Walking into the red brick building that housed The Seattle School during my first residency was like stepping into a sea breeze that awakened my senses, drew me in, and welcomed me into a new place of belonging. In a playful and expansive way, like the sandy beach extending to the ocean, I felt invited to open my arms out wide, take up space, and fully be me. I have often felt divided within myself in different spaces: where I live, work, worship, and play, but during my first residency at The Seattle School, a sense of settledness came over me. It was like my body was finally able to let down, exhale, and breathe deeply. I felt welcomed into a learning space where I could bring all the different parts of me.
A theme of belonging has been woven throughout all the different residencies I’ve attended, and each one has consistently invited me to learn with it rather than from it. I felt invited to learn with my professors, faculty, and facilitators as I engaged with the readings, lectures, panels, and discussions. I felt invited to learn with my cohort as I allowed myself to be shaped and impacted by differences, discourse, and alignment. I felt invited to learn with myself and what was coming up for me, as I engaged with course material and what was happening in the room. And lastly, I felt invited to be with the moment when something shifted inside of me and opened me up to more.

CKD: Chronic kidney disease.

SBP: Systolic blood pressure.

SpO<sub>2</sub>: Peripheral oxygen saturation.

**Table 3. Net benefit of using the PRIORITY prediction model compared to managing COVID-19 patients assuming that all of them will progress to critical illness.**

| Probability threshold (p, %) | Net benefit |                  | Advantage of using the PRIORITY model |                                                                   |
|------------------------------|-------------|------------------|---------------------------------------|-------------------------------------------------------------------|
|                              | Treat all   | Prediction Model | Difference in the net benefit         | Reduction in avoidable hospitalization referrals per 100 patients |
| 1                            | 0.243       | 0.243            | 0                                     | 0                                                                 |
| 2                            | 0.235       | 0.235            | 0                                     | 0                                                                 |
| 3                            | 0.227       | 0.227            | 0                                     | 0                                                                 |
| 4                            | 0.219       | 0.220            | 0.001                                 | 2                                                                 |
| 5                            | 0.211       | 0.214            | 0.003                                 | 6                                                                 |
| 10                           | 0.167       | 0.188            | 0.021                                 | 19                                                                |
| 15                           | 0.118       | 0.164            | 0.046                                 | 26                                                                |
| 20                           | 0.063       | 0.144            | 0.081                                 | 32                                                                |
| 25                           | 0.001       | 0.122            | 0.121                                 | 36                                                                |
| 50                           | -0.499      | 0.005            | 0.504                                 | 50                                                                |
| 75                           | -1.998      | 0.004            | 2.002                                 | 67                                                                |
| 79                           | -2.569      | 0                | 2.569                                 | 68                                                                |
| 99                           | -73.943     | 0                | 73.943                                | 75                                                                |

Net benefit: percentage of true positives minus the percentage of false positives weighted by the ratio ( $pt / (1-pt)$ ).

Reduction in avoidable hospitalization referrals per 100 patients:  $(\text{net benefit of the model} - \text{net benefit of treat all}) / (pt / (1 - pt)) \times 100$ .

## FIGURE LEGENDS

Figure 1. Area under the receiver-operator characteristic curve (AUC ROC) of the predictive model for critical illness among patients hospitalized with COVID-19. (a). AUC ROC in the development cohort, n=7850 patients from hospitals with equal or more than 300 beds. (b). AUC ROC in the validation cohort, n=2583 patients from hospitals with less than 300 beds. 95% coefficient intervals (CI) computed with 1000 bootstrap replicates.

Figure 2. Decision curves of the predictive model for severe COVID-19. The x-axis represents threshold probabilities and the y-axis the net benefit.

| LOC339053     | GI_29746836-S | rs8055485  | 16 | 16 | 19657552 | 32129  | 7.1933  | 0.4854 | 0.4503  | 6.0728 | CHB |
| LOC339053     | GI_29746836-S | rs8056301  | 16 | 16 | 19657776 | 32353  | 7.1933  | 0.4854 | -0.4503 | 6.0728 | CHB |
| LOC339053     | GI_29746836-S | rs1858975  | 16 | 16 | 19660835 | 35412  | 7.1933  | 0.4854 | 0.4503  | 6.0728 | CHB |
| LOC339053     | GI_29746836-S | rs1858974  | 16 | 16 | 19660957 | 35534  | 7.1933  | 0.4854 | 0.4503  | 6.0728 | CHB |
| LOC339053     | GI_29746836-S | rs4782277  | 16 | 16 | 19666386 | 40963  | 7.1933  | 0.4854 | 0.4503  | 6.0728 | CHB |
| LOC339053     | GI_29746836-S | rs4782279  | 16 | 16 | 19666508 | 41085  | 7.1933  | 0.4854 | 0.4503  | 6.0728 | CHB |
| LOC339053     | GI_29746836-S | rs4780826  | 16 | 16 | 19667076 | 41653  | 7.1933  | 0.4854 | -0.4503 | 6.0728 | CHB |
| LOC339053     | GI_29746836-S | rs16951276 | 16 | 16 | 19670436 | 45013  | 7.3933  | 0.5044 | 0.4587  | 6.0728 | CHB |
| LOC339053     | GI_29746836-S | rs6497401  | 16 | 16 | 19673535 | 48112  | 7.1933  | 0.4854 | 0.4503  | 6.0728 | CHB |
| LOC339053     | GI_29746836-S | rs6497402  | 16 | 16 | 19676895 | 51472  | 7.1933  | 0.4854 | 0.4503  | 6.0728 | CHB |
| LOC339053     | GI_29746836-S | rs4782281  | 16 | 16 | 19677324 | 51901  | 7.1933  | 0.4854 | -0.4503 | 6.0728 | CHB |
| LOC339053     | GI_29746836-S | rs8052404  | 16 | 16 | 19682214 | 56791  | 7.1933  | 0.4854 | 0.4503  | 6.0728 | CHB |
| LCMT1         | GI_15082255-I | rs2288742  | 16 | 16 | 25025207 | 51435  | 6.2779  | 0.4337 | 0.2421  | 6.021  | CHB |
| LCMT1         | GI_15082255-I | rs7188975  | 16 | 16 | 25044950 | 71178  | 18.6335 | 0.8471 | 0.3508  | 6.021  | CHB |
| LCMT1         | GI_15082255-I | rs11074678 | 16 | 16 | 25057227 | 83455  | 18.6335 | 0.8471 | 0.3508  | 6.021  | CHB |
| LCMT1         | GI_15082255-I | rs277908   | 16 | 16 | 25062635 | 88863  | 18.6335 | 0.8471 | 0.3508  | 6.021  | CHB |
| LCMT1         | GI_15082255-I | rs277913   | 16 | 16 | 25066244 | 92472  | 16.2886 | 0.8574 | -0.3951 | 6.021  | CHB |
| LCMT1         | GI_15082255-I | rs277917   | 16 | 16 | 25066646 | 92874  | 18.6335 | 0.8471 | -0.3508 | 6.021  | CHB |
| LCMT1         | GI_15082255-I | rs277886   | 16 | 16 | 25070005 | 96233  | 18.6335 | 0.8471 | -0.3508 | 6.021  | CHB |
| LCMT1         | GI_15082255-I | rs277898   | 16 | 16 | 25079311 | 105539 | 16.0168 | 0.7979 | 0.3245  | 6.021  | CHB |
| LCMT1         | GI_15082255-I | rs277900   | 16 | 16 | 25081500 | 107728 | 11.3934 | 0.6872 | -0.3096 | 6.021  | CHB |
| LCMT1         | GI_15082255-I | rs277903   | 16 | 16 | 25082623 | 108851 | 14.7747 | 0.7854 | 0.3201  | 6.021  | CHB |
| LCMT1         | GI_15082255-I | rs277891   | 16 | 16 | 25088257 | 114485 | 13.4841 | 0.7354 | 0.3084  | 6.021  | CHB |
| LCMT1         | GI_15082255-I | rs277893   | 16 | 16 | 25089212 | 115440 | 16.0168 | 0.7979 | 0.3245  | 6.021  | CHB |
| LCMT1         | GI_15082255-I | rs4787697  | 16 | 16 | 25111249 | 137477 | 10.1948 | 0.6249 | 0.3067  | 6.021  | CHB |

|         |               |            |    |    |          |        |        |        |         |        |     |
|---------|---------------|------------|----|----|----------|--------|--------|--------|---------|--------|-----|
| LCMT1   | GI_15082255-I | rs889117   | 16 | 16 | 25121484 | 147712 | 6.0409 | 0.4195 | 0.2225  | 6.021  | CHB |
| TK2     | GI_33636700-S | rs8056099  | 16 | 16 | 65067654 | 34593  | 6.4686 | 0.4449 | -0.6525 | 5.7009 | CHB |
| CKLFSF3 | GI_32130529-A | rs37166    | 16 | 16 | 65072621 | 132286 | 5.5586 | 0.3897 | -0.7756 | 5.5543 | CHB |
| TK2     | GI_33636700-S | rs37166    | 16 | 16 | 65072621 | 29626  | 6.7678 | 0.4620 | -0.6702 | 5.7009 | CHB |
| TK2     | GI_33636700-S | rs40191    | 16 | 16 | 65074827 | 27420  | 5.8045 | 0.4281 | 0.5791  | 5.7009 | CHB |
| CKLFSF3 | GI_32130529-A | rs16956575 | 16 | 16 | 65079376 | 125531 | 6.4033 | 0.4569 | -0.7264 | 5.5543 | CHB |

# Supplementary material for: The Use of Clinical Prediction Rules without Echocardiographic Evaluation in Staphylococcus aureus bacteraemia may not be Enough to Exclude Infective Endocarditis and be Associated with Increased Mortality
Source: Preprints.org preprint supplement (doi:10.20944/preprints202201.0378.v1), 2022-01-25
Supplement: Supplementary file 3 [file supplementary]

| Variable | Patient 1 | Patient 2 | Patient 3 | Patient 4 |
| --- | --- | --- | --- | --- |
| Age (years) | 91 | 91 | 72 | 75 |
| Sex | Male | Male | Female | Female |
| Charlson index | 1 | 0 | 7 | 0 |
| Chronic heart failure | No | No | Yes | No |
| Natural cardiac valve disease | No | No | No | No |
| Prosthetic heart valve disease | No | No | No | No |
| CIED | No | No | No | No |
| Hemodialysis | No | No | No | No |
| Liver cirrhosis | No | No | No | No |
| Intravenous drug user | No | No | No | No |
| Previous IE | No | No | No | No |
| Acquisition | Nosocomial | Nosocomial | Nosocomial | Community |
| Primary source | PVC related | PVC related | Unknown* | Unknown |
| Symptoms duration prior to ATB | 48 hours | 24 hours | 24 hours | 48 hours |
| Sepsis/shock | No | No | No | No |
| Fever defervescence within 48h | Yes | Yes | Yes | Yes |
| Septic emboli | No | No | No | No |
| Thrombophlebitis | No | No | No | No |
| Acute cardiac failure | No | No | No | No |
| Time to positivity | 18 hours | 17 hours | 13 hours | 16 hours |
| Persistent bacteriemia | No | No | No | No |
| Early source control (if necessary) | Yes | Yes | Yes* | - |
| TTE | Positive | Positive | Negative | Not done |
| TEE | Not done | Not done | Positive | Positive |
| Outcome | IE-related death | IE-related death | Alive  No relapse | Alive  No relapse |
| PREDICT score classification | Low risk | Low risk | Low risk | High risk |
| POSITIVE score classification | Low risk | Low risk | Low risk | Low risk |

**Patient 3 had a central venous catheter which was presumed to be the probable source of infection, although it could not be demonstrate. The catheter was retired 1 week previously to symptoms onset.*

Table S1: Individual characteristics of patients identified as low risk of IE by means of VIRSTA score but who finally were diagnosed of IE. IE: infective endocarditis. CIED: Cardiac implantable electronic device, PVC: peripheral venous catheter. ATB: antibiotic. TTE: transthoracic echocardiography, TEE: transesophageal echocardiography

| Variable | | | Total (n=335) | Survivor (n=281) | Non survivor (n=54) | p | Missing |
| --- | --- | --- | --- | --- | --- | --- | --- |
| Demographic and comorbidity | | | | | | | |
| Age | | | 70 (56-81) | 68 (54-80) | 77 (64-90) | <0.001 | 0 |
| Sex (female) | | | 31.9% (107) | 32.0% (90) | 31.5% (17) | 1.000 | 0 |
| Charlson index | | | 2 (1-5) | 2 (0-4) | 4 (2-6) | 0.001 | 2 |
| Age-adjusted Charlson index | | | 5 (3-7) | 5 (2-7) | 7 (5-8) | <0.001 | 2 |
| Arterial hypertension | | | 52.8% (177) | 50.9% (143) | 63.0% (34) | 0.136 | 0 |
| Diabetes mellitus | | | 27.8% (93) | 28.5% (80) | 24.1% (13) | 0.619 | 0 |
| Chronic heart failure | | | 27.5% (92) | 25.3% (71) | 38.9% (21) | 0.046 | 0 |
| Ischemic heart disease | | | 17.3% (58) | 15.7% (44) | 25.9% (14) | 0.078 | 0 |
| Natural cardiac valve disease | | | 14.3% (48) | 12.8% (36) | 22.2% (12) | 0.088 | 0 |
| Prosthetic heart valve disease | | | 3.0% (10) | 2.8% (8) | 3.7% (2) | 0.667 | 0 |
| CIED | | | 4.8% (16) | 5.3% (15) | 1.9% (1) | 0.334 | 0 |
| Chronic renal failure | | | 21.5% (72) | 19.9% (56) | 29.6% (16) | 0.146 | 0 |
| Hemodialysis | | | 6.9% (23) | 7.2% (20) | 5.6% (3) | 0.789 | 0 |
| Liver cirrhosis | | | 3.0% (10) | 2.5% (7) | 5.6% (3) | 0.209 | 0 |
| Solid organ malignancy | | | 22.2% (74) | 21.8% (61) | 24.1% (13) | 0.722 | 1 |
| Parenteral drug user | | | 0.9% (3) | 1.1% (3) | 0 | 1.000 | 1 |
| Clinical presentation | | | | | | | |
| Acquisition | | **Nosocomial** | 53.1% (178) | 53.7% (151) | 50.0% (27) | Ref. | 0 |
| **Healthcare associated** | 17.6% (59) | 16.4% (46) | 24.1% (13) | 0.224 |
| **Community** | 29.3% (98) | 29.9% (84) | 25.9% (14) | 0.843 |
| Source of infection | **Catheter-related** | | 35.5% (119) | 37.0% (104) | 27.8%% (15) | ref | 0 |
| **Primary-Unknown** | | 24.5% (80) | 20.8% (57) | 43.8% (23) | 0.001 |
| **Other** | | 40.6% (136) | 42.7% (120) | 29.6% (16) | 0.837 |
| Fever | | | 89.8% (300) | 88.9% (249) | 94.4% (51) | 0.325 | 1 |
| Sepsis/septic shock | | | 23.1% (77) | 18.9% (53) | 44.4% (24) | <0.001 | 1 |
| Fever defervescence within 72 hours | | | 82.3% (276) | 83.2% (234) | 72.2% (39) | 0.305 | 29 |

I found my people at The Seattle School, and those relationships wouldn’t have fully formed without the hospitality and embodied learning that came through residency. In Henri Nouwen’s book Reaching Out (1996), he states, “Hospitality is not to change people, but to offer them a space where change can take place.” Residency offered space for those longer conversations to take place over lunch or late into the night. Residency offered space for strangers to become friends. Residency offered space for a knowing to be passed through shared laughter, tears, stories, and collaborative learning. All of this knowing happened in a physical place that felt like a sacred container with the capacity to hold all the complexities that come with this work.
So why does residency matter? It matters because, for low-residency students, residency provides a place, location, and physical learning space to house belonging and change. When each student, faculty member, guest lecturer, Student & Academic Services team member, and every person who makes residency possible shows up as themselves, I believe something is uniquely created in that space, for that particular time, for one another. Human connection in the learning journey of graduate school cannot be undervalued or underestimated in its significance. Human connection may feel difficult to measure and pin down into words, but its genuine value will show up in our future work, in how we sit with others, and in the unfolding of who we are.
Applications are open–experience residency at The Seattle School this fall!
photo credit: Becca Shirley